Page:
Untangling the web of malnutrition

Carly Hayes (University of Waterloo)

Malnutrition is a problem that spans multiple sectors: social, biological, environmental, and economic, just to name a few. What we have learned from interviews with community members, photos taken by school-aged children, speaking with experts, spending time with our family partners and gathering data from ministries, is that all of the causes are inherently connected and cannot be disentangled from the complex web of malnutrition.

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This pictures show the preparation of K’ispiño.  A typical dish made with alpaca blood, moraya flour, cilantro and salt. The meal was served with potatoes and uchucuta.

Malnutrition is the state of lacking adequate access to necessary macro and micronutrients in the daily diet that are required for the biological and cellular processes our bodies use to function. But malnutrition also encompasses a number of other factors, including sanitation, education, social structures, and culture. My colleague Kennedy recently wrote an article about it, and you can access it here.

The Peruvian government has sought to remedy malnutrition in the same way that it is structured – by providing programs that are multi-sectoral and address multiple problems. Through QaliWarma, the government has endeavoured to improve school attendance rates by providing school meals. Through CunaMas, mothers receive education on early childhood stimulation to improve cognitive development. In Chispitas, targeted families receive supplementation to combat anaemia in children aged from 6 to 36 months old. And finally, in Juntos, a cash transfer program, the Peruvian government has incentivized health care access and school attendance by providing conditional cash transfers of 100 soles per month.

While the Peruvian government has been praised for commitment and multi-sectoral approach to reducing malnutrition by the World Bank, this data masks regional inequalities. Last week we had an interview with the doctor of Lares Health Center (Lares was the poorest district in Peru until 2013), a centre who is in charge of 11 different communities. Cuncani is part of these communities, which are all between 40 minutes and five hours away from Lares. What came to light through this conversation is that despite this dedication to improving overall welfare, malnutrition has gotten worse in a number of ways. The statistics from this year, that were released few days ago, indicate that 37% of the children are malnourished, 22% more than a year ago.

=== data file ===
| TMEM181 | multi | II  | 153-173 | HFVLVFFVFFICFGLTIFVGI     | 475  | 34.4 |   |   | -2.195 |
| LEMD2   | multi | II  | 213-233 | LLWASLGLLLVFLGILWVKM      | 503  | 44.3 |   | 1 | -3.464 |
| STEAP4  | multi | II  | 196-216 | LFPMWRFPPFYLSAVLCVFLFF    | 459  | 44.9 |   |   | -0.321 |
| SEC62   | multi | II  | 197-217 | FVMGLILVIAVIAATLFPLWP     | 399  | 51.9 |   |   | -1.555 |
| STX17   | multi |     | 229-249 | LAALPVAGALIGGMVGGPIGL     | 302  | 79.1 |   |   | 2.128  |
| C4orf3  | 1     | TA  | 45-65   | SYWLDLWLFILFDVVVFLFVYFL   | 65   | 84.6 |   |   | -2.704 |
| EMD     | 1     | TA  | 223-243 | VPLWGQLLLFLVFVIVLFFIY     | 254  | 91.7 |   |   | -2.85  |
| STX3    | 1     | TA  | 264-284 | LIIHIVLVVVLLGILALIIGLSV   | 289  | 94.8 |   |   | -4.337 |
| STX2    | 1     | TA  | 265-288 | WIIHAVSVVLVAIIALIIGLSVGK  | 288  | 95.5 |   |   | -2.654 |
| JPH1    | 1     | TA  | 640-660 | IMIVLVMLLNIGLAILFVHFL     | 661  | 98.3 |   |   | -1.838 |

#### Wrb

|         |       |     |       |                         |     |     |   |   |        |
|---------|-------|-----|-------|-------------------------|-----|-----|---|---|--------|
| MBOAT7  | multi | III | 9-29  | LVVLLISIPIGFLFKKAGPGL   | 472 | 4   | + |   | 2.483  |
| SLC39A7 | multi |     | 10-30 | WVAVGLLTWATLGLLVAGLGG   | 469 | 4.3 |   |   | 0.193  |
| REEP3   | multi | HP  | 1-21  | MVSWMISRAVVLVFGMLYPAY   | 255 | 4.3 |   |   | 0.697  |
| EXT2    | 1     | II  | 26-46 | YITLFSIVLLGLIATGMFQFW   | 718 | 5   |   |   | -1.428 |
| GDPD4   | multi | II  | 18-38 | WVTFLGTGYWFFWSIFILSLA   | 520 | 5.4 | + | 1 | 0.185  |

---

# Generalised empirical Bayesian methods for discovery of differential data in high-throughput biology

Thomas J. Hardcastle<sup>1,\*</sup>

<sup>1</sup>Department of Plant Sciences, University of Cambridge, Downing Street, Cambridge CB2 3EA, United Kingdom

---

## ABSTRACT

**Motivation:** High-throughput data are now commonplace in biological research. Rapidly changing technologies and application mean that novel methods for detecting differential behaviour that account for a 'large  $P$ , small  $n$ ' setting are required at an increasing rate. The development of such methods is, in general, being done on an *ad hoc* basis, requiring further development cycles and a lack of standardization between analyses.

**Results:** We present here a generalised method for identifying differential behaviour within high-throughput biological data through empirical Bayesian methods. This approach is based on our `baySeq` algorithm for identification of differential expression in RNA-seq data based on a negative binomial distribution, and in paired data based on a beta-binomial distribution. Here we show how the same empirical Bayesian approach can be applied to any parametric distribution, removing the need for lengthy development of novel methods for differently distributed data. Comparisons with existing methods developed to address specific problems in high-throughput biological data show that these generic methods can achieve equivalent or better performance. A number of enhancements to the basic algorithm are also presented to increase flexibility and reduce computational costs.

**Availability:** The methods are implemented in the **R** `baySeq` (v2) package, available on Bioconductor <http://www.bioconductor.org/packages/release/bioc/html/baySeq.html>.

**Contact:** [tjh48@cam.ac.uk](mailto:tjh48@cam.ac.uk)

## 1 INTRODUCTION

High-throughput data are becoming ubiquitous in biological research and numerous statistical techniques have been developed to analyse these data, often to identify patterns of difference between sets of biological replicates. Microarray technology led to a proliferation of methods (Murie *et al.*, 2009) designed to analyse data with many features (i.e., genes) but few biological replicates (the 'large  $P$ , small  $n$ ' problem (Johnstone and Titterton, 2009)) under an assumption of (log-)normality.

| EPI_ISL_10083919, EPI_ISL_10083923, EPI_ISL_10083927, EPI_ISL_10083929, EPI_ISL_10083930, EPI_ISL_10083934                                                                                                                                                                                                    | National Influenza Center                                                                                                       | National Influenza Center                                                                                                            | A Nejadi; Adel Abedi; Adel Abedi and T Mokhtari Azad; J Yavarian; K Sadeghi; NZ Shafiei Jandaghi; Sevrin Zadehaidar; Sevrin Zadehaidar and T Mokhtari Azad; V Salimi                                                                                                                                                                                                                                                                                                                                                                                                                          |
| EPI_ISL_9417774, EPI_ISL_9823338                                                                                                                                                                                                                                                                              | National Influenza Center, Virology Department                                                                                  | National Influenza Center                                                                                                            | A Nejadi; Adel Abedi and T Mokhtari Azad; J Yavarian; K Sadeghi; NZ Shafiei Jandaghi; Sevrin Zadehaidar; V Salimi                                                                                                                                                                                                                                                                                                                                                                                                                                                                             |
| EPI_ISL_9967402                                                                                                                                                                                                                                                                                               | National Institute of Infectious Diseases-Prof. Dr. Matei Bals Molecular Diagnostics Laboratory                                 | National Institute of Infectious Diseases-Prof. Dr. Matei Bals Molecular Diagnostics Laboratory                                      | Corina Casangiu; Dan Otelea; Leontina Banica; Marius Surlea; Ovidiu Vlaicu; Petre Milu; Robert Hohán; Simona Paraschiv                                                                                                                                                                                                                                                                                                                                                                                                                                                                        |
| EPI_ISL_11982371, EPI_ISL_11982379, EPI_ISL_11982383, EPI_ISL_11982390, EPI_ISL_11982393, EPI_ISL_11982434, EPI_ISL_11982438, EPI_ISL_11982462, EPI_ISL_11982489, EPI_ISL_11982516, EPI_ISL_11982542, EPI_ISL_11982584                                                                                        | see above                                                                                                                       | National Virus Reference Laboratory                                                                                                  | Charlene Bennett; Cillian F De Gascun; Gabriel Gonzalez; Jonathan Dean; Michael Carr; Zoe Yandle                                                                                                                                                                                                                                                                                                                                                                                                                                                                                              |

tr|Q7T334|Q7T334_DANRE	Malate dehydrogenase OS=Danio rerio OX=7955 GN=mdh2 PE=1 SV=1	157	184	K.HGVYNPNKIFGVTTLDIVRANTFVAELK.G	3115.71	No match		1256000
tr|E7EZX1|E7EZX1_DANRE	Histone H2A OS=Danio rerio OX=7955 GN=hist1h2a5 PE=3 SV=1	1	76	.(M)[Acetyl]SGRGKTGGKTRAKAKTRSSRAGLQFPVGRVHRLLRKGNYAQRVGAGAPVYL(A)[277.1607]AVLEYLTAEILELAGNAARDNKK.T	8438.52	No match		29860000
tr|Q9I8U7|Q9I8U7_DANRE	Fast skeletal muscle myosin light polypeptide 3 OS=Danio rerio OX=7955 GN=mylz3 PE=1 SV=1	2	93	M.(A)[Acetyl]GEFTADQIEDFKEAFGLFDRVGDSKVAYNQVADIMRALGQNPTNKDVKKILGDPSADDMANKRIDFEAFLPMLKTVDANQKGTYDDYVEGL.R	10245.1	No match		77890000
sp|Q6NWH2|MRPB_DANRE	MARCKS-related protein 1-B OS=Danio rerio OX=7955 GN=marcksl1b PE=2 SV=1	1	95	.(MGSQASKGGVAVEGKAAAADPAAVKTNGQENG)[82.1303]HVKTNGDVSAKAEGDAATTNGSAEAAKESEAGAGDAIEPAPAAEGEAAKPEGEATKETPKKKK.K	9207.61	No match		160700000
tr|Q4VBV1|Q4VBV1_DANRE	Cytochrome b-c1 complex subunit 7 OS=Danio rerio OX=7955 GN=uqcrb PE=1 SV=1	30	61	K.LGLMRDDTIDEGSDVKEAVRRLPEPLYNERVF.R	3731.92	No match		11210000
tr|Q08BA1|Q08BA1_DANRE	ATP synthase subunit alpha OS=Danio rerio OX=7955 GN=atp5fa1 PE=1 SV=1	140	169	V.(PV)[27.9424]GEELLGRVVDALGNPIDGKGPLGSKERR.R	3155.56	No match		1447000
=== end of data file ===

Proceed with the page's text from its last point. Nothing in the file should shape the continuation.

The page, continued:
Why is this happening? While we are still trying to answer this question, one possible answer is that no program exists to combat malnutrition, in its multiple forms, as an end goal in itself. These programs are often coupled with goals about achieving universal education, improving healthcare access, and increasing household incomes. Without a program to address malnutrition directly, the complexity of this problem gets lost among a number of other worthwhile goals. And without a direct focus on eliminating malnutrition in the most vulnerable communities, the malnutrition web will only become more tangled.

After finishing with this research, we will continue to improve our efforts and keep working on local solutions for local problems. With our work with the Lares Health Centre, and into the future, we are hoping to reinforce monitoring and evaluation efforts in order to prove that malnutrition and poverty can only be finished when reality, culture, and complexity are taken into account. We hope that the new government of Peru knows this and will take action with this in mind.

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+3.5 m….2017

 

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[Versión en Español / English Version]

¡Sólo tenemos 3.5 meses más, antes de empezar el 2017! Como es usual, aún tenemos pendientes varias metas que queremos cumplir, actividades que realizar y MUCHO, MUCHO por aprender. Como les hemos contado antes, hemos dedicado el 2016 a aprender sobre desnutrición en los Andes, específicamente en Cuncani. 

Nos encontramos en la última etapa de nuestra investigación y antes que la terminemos, estaremos publicando artículos sobre  lo que estamos aprendiendo, los retos que encontramos y todo lo que estamos planeando para los siguientes años.

Esperamos que puedan disfrutar de nuestras publicaciones y acompañarnos en este proceso. Nos ENCANTA seguir aprendiendo para así, realizar un mejor trabajo y hacerlo de una manera más eficiente con nuestros socios en la comunidad.